The pacing and acting of The Descendants is breezy and relaxed. The action takes place on the Hawaiian islands, where the family owns land, and the music and beauty of the surroundings seep into the sorrow of melodrama, keeping it from reaching any kind of screeching or overwrought notes. This was a good thing. However, sometimes the actors seemed too casual for the circumstances, and there was something strange about the lack of intense crying (one character had a moment at the end that was pretty amazing).

Saturday, November 10, 2012

Storm King

I spent the day at Storm King Art Center in Moutainville, NY. Two hours leisurely strolling the extensive grounds allowed us to see a lot of wonderful sculpture, but only a fraction of the total work. 

The art worked wonderfully with the landscape, which gave majesty to many of the pieces. I enjoyed the iconic di Suvero pieces, as well as some of the modest Calder works. There was a Buddha whose face was submerged in the ground with suspended giant feet (Three Legged Buddha, by Zhang Huan) that was a lot of fun, and a couple of interesting pieces low to the ground by Nam June Paik called Waiting for UFO. Indoors there was a wonderful Louise Bourgeois made of small pieces of granite spread on the floor. But I decided that my favorite work of the day was two sculptures by Chakaia Booker, each made of black rubber. I think what I enjoyed about it so much was the thick, feathery texture of the pieces.

Friday, November 9, 2012


Greenberg is a tense movie by the director of Margot at the Wedding, another movie about difficult people struggling to connect.

Greenberg stars Ben Stiller as an angry, frustrated 40 year old man whose life hasn't worked out as he had hoped. He is house-sitting for his wealthy brother, and reconnects with friends from his past. He also develops a relationship with his brother's assistant. But he pushes everyone away with his self absorption, his irritability, and his hostile outbursts. Most intriguing, disturbing, and somehow charming, was the connection between Greenberg and the assistant, Florence. Although he was abusive toward her, and you don't really want her to be with them, there was something sweet and promising there as well.

Although the movie includes some amusing moments, for the most part I found it too uncomfortable and unsettling to really laugh.

Death by Fire

Today I watched the Frontline episode, Death by Fire, about the Cameron Todd Willingham case. Willingham was executed in Texas for the arson-murder of his three baby daughters. The forensic evidence at the time of the deaths was apparently conclusive, but years later, as he was on death row, other more sophisticated arson experts scrutinized the case and concluded that there was no evidence of arson.

He was executed anyway, and his case has been used by death penalty opponents as proof that an innocent man was executed.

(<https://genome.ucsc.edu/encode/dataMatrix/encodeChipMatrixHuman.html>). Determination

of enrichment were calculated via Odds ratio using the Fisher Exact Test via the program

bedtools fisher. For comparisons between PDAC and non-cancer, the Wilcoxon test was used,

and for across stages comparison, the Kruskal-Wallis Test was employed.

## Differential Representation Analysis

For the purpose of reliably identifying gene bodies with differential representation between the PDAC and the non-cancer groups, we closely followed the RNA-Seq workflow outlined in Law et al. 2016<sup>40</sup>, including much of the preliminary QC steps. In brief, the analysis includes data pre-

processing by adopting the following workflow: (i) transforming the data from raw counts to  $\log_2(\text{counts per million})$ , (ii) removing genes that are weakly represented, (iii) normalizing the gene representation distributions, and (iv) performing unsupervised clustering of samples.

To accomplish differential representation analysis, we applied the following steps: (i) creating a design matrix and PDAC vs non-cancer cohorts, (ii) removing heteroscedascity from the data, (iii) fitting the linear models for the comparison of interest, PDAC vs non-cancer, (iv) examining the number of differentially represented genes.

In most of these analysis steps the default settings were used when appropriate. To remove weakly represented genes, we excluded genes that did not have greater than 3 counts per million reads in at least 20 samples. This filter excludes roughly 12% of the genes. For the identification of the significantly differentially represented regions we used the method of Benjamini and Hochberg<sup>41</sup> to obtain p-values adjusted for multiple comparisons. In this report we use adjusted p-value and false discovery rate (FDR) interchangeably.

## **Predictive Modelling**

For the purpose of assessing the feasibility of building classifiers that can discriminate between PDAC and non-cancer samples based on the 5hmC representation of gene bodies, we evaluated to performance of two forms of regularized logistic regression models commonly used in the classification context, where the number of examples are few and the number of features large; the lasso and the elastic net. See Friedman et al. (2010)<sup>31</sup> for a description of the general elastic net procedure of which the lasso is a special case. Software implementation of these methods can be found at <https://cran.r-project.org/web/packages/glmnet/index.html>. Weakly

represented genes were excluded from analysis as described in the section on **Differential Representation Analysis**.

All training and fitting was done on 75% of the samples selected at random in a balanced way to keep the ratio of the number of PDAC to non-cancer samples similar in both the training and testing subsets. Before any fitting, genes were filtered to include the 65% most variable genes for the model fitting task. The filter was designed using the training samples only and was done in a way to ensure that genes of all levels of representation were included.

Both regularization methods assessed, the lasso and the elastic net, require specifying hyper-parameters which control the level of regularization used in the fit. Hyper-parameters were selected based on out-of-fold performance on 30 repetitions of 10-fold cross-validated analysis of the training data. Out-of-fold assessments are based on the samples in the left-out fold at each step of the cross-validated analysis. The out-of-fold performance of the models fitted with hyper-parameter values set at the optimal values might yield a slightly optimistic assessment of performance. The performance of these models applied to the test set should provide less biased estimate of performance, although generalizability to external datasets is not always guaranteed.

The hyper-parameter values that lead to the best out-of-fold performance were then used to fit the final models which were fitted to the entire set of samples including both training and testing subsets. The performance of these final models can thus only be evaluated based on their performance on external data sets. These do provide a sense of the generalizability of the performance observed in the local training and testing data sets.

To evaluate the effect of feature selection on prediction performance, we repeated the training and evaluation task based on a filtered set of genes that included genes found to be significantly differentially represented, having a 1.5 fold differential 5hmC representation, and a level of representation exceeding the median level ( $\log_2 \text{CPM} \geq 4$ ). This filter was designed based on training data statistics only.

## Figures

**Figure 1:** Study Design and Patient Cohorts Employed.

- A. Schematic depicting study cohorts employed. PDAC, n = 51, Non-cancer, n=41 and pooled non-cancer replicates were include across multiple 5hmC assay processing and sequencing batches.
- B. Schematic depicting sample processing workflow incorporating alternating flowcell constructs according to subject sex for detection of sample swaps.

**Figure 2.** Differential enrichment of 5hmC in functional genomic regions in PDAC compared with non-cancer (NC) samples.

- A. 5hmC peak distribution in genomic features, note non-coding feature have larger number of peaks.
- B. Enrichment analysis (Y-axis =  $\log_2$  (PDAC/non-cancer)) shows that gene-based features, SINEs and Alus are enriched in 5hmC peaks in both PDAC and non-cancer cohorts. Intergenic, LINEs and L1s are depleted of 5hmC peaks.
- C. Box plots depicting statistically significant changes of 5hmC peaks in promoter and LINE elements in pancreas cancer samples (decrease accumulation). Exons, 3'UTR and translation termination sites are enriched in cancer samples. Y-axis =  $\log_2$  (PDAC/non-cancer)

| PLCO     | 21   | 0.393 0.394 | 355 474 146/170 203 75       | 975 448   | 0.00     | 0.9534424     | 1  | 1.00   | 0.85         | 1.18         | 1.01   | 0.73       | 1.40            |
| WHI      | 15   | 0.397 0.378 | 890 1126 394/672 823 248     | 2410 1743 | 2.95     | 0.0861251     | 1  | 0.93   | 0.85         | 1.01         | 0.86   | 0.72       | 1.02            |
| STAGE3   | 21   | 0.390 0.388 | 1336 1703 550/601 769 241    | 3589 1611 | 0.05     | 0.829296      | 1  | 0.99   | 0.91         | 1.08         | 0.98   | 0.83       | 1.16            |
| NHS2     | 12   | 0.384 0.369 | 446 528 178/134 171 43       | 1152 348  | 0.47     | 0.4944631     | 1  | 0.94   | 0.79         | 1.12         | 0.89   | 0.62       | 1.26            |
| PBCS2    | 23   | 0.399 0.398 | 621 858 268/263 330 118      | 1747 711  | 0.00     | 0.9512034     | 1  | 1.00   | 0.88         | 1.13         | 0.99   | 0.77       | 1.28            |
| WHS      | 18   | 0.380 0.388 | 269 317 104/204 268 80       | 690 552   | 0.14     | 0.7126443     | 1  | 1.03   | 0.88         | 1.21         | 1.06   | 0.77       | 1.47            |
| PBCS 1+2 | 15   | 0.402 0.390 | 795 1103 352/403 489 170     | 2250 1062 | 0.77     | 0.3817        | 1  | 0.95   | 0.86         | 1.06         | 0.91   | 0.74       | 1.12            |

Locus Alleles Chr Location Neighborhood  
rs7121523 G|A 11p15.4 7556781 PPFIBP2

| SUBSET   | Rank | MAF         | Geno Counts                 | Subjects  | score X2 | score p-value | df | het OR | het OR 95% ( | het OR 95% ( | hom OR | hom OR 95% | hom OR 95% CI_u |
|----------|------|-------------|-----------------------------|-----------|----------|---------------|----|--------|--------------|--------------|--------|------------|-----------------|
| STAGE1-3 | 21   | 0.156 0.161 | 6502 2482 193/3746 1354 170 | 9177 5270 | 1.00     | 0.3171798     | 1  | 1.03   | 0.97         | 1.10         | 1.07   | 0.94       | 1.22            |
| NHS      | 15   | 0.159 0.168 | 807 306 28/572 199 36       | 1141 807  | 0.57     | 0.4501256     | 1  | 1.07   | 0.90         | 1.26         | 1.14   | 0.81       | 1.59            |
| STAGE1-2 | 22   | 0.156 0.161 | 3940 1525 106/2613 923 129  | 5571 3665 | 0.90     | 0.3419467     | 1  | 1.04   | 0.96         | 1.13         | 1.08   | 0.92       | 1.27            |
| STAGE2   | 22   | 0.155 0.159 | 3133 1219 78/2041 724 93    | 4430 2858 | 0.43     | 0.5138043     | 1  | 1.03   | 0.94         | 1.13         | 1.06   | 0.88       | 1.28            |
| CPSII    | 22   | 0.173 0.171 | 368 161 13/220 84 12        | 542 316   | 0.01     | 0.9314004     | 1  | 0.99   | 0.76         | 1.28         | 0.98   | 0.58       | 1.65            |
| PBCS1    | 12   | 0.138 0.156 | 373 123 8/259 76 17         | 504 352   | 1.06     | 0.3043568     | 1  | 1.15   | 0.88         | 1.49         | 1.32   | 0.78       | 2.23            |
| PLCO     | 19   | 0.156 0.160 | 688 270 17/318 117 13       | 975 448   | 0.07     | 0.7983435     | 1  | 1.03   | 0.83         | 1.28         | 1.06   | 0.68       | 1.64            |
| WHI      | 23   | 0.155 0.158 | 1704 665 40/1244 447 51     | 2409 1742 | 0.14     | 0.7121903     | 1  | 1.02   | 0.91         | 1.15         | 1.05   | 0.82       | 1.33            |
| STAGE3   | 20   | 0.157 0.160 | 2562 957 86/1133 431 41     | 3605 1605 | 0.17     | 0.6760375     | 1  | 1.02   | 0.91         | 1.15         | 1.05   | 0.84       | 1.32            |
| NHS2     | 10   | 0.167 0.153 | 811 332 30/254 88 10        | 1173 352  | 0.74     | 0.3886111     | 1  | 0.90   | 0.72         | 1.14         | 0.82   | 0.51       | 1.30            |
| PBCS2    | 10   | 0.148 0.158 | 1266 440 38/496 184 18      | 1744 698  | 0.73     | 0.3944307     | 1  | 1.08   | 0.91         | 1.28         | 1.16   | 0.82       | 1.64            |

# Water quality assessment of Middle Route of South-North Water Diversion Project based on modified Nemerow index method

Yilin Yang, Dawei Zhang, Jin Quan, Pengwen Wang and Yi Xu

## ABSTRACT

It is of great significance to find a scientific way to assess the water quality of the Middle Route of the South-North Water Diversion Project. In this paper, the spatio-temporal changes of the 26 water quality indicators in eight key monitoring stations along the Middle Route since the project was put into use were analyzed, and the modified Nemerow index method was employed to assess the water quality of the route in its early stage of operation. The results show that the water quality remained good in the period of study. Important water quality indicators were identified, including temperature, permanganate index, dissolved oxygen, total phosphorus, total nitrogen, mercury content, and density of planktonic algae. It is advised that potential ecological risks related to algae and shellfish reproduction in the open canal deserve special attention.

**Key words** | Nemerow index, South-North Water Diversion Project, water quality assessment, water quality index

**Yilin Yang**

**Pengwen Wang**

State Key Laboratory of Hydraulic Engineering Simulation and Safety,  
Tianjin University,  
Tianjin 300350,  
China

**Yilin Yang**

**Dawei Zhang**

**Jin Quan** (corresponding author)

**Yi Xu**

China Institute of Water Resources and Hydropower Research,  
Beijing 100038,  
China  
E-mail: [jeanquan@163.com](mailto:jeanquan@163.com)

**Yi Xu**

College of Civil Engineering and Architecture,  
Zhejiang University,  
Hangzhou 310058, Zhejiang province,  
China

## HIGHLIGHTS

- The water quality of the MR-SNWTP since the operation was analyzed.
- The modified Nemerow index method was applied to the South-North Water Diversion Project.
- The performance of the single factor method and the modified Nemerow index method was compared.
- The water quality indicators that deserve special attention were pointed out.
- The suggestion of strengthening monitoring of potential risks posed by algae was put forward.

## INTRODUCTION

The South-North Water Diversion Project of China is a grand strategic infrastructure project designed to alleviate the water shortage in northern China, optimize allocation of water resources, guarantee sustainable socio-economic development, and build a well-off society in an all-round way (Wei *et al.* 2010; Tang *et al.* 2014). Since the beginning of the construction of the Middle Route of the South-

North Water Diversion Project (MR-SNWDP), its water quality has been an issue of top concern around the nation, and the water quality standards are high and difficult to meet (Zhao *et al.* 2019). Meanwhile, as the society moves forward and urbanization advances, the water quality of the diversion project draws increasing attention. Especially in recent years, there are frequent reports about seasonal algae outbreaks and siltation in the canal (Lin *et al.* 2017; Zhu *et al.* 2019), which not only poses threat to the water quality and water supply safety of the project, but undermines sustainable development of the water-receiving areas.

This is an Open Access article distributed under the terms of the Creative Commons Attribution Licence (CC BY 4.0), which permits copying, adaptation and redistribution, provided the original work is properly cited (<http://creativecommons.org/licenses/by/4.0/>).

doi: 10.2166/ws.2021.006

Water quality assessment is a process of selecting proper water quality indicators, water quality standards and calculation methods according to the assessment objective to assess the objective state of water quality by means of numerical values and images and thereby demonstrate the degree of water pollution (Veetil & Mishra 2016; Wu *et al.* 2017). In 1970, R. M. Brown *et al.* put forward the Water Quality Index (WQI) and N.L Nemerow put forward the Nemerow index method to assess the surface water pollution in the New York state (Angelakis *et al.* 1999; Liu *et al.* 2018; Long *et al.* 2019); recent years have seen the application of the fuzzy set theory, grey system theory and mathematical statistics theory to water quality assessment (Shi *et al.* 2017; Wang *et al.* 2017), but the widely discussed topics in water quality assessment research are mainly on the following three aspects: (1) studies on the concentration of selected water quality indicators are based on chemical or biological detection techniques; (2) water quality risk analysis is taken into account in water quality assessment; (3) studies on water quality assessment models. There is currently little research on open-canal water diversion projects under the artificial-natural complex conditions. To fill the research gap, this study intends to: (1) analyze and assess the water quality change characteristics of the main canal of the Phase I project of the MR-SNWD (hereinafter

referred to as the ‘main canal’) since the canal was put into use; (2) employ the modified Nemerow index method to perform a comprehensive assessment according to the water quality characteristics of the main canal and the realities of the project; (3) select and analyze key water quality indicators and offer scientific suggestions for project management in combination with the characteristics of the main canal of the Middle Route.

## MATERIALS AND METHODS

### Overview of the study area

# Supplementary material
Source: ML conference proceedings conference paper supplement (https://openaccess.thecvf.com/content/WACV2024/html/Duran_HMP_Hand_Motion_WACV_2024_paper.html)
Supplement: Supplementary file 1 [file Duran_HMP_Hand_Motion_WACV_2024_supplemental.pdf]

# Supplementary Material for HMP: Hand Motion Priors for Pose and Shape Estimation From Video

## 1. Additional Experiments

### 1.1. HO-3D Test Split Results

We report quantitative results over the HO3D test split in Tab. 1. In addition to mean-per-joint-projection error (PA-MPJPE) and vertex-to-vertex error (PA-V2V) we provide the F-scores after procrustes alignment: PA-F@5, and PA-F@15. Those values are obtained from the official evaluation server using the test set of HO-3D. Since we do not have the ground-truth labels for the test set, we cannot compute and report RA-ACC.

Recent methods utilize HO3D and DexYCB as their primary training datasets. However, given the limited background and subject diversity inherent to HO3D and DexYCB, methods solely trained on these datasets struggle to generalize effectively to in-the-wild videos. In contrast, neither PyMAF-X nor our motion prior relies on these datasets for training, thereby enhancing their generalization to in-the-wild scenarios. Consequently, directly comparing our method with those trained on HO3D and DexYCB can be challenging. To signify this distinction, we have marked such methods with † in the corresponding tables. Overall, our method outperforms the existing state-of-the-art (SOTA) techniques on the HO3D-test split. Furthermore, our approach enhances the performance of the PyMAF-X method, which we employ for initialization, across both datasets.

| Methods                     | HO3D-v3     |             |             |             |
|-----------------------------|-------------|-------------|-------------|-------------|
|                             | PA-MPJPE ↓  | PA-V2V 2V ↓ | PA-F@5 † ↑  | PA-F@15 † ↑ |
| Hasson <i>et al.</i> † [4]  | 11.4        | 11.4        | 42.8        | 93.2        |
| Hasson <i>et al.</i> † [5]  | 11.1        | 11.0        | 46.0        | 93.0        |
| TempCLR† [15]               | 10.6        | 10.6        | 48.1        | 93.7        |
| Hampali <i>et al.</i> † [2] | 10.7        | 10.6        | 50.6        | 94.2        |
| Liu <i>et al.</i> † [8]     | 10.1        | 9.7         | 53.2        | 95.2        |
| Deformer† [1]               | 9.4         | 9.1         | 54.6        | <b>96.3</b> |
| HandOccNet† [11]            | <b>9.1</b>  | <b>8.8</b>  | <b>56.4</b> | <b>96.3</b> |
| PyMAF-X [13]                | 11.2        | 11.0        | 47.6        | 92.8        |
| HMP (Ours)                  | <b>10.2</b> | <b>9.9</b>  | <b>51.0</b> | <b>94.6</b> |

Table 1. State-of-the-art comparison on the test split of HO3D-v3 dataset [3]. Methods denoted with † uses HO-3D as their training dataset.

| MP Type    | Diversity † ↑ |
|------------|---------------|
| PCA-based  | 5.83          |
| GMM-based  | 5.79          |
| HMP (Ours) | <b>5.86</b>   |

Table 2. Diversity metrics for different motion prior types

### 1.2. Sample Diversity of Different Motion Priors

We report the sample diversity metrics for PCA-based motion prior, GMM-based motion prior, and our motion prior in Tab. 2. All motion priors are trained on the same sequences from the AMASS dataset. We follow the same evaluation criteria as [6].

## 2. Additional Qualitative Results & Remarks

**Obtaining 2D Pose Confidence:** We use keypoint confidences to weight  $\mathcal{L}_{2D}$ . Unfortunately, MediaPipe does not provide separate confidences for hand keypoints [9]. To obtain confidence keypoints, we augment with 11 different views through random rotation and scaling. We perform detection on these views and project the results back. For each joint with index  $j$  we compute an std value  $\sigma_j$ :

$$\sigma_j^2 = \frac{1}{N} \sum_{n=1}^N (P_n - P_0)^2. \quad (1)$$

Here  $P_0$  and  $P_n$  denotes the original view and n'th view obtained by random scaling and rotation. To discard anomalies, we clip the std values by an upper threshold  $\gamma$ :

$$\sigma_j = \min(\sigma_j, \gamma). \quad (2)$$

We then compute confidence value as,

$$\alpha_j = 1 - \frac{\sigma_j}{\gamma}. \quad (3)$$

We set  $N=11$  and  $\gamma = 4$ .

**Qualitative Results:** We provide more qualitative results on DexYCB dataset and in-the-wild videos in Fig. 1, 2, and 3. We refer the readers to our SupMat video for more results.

I had been familiar with this story because a few years ago I read an excellent article in the New Yorker about him, and the documentary didn't add too much to it, although it presented interviews with people that remained convinced of his guilt...

Thursday, November 8, 2012

The Plea

This week I watched The Plea, a Frontline documentary about the plea bargaining process in the criminal justice system.

With 90% of all criminal cases plea bargained, and only the remaining 10% going to trial, it is important for people to be aware of the injustices in this process, and the institutionally acceptable forms of bullying and coercion that are rampant. The Plea looks at several specific cases, all of them people who are innocent of the crimes they ultimately plead guilty to. This was compelling. However, it would be interesting to explore cases of guilt as well -- which would be a more difficult documentary, really getting at the complexities of the issue.

Sunday, November 4, 2012

Schindler's List

Although at first I was a bit bored with the pacing, I soon became fully engaged in Schindler's List, Steven Spielberg's 1990s film about the Holocaust.

Filmed beautifully in black and white, Schindler's List is about a German industrialist who starts off exploiting Jewish labor during the Nazi regime, and ends up so deeply affected by the brutal, brutal treatment and eventually extermination of the Jews that he uses his entire fortune to save them.

It is a moving and memorable and important story. In many ways Spielberg did a brilliant job rendering it. But in spite of the subject matter I couldn't help but feel there was something schmaltzy about it, overly sentimental. The artistic cinematography worked against gritty realism, and sentimentalized or stylized the content. Other than the three leads (Liam Neeson, Ralph Fiennes, and Ben Kingsley) who were outstanding, the characters and the acting was rather two-dimensional and even corny.

I know it's kind of sacrilegious to criticize Schindler's List... I admit I'm dehydrated from crying throughout the entire last hour.